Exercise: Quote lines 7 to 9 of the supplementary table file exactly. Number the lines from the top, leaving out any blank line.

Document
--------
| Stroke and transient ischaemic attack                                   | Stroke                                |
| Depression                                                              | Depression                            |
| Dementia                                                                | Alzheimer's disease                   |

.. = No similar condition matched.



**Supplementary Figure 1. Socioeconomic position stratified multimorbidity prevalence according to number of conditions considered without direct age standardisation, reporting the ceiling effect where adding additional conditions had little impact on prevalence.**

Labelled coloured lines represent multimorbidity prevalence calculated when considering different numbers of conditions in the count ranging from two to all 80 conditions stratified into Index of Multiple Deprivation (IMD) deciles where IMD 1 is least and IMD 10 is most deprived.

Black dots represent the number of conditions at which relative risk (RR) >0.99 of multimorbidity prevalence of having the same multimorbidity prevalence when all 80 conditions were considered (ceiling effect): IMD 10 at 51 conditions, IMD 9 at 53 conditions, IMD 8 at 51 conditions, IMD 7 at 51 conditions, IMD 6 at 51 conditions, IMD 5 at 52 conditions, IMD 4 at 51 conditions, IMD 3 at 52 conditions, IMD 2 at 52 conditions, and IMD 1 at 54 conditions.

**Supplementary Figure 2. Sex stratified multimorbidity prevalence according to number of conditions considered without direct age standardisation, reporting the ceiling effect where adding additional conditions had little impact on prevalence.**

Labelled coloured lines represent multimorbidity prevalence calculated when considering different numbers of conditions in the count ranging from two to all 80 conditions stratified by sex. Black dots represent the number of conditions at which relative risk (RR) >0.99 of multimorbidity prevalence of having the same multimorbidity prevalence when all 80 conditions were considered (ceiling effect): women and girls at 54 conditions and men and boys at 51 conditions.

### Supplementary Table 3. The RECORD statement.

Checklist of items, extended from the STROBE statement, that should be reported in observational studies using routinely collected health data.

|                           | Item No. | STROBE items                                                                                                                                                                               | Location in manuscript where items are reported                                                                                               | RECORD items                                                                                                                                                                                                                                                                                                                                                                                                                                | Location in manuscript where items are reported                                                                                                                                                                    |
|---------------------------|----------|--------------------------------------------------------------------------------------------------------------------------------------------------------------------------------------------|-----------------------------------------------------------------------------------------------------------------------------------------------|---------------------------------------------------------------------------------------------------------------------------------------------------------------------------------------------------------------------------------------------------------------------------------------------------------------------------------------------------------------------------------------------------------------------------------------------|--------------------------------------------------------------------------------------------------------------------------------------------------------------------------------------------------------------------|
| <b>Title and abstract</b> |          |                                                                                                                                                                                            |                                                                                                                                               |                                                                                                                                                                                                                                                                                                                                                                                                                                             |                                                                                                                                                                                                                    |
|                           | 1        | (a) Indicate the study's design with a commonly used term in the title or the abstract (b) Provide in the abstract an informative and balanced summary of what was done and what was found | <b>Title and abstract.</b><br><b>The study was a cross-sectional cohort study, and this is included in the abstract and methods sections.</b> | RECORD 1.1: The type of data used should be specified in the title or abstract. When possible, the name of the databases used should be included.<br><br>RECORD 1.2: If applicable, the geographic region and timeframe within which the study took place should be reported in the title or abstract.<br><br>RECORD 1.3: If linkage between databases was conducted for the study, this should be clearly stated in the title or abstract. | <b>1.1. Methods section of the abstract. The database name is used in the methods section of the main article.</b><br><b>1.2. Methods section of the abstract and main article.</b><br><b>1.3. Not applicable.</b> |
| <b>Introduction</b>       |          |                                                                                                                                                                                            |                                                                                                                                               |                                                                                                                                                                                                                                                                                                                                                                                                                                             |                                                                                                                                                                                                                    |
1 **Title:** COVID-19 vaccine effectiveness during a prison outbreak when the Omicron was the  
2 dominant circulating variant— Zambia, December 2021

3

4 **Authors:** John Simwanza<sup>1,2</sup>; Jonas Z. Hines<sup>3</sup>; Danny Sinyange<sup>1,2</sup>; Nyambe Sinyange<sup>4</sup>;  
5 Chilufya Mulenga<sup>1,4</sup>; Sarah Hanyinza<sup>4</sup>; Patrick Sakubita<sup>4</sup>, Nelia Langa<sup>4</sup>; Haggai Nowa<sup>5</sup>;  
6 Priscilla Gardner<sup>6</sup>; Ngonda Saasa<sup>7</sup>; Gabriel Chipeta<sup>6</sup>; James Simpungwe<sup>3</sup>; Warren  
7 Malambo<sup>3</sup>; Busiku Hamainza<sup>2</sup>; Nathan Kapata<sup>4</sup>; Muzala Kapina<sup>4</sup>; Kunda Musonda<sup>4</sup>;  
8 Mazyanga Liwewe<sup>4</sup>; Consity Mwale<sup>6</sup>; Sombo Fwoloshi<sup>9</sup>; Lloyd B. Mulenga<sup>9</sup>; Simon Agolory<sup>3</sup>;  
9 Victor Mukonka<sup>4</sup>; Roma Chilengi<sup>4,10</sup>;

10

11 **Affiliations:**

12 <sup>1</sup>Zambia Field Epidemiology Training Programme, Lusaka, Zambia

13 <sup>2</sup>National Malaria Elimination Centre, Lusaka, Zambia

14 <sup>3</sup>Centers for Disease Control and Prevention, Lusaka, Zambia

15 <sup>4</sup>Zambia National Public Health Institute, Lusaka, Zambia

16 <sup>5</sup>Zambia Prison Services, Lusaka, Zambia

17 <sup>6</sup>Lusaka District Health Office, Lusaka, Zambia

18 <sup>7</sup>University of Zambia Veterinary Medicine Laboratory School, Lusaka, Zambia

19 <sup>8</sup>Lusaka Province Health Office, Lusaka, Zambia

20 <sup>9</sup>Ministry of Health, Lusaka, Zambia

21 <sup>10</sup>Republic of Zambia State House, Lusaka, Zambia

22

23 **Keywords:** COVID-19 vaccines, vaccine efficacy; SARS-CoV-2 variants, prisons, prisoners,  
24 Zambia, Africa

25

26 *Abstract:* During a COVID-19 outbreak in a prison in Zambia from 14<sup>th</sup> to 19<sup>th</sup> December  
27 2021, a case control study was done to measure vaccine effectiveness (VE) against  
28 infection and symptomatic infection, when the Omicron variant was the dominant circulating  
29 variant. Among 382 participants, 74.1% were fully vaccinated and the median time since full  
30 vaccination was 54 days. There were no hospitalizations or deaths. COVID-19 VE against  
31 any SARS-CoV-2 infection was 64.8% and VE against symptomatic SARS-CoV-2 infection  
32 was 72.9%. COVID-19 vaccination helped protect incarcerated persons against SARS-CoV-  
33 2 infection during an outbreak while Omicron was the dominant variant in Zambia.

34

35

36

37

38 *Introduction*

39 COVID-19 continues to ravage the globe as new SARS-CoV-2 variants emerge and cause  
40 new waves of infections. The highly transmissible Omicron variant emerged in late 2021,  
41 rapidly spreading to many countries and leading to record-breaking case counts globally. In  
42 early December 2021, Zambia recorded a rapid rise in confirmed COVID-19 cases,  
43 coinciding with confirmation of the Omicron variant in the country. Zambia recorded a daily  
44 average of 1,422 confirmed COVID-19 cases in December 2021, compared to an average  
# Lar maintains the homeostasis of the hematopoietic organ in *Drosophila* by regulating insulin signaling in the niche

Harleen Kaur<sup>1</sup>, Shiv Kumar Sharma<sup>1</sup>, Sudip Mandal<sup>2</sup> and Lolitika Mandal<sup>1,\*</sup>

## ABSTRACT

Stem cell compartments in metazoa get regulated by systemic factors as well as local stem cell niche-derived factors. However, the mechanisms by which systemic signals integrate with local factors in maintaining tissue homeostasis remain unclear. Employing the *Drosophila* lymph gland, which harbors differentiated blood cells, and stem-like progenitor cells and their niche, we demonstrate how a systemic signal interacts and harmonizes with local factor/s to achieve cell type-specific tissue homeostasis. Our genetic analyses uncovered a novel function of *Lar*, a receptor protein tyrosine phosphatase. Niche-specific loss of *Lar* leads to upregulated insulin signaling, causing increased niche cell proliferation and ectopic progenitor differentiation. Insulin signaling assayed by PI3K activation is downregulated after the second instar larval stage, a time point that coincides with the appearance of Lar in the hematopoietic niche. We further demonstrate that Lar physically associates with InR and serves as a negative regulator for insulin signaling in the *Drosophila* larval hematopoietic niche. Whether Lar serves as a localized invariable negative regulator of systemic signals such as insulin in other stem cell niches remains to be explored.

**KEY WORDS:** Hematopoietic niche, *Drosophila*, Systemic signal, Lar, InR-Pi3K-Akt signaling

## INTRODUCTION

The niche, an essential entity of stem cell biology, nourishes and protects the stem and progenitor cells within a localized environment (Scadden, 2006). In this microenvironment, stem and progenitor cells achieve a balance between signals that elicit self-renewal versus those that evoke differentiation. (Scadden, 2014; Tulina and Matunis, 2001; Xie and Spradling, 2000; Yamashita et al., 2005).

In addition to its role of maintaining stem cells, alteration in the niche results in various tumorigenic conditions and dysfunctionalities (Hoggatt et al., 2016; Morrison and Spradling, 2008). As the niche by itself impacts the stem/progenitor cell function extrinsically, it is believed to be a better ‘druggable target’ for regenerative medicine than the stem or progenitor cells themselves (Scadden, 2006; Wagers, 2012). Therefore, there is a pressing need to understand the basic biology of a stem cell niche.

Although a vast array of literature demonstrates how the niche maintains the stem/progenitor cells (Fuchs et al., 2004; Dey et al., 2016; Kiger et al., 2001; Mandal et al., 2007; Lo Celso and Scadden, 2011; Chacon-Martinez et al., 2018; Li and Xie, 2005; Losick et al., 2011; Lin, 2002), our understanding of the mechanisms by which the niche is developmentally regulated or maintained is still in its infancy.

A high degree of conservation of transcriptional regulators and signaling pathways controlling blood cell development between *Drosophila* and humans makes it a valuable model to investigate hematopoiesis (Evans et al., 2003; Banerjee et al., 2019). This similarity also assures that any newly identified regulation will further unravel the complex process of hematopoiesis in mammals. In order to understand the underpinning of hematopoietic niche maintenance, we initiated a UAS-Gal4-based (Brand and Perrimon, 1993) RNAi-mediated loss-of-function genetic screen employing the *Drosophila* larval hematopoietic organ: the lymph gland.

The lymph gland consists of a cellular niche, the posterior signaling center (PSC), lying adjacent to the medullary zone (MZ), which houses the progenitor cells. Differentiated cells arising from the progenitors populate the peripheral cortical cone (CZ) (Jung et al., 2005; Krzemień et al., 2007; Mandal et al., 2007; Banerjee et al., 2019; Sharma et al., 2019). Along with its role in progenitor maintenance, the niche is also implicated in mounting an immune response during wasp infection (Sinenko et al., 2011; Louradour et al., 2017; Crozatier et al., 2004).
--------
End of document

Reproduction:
Black dots represent the number of conditions at which relative risk (RR) >0.99 of multimorbidity prevalence of having the same multimorbidity prevalence when all 80 conditions were considered (ceiling effect): IMD 10 at 51 conditions, IMD 9 at 53 conditions, IMD 8 at 51 conditions, IMD 7 at 51 conditions, IMD 6 at 51 conditions, IMD 5 at 52 conditions, IMD 4 at 51 conditions, IMD 3 at 52 conditions, IMD 2 at 52 conditions, and IMD 1 at 54 conditions.

**Supplementary Figure 2. Sex stratified multimorbidity prevalence according to number of conditions considered without direct age standardisation, reporting the ceiling effect where adding additional conditions had little impact on prevalence.**

Labelled coloured lines represent multimorbidity prevalence calculated when considering different numbers of conditions in the count ranging from two to all 80 conditions stratified by sex. Black dots represent the number of conditions at which relative risk (RR) >0.99 of multimorbidity prevalence of having the same multimorbidity prevalence when all 80 conditions were considered (ceiling effect): women and girls at 54 conditions and men and boys at 51 conditions.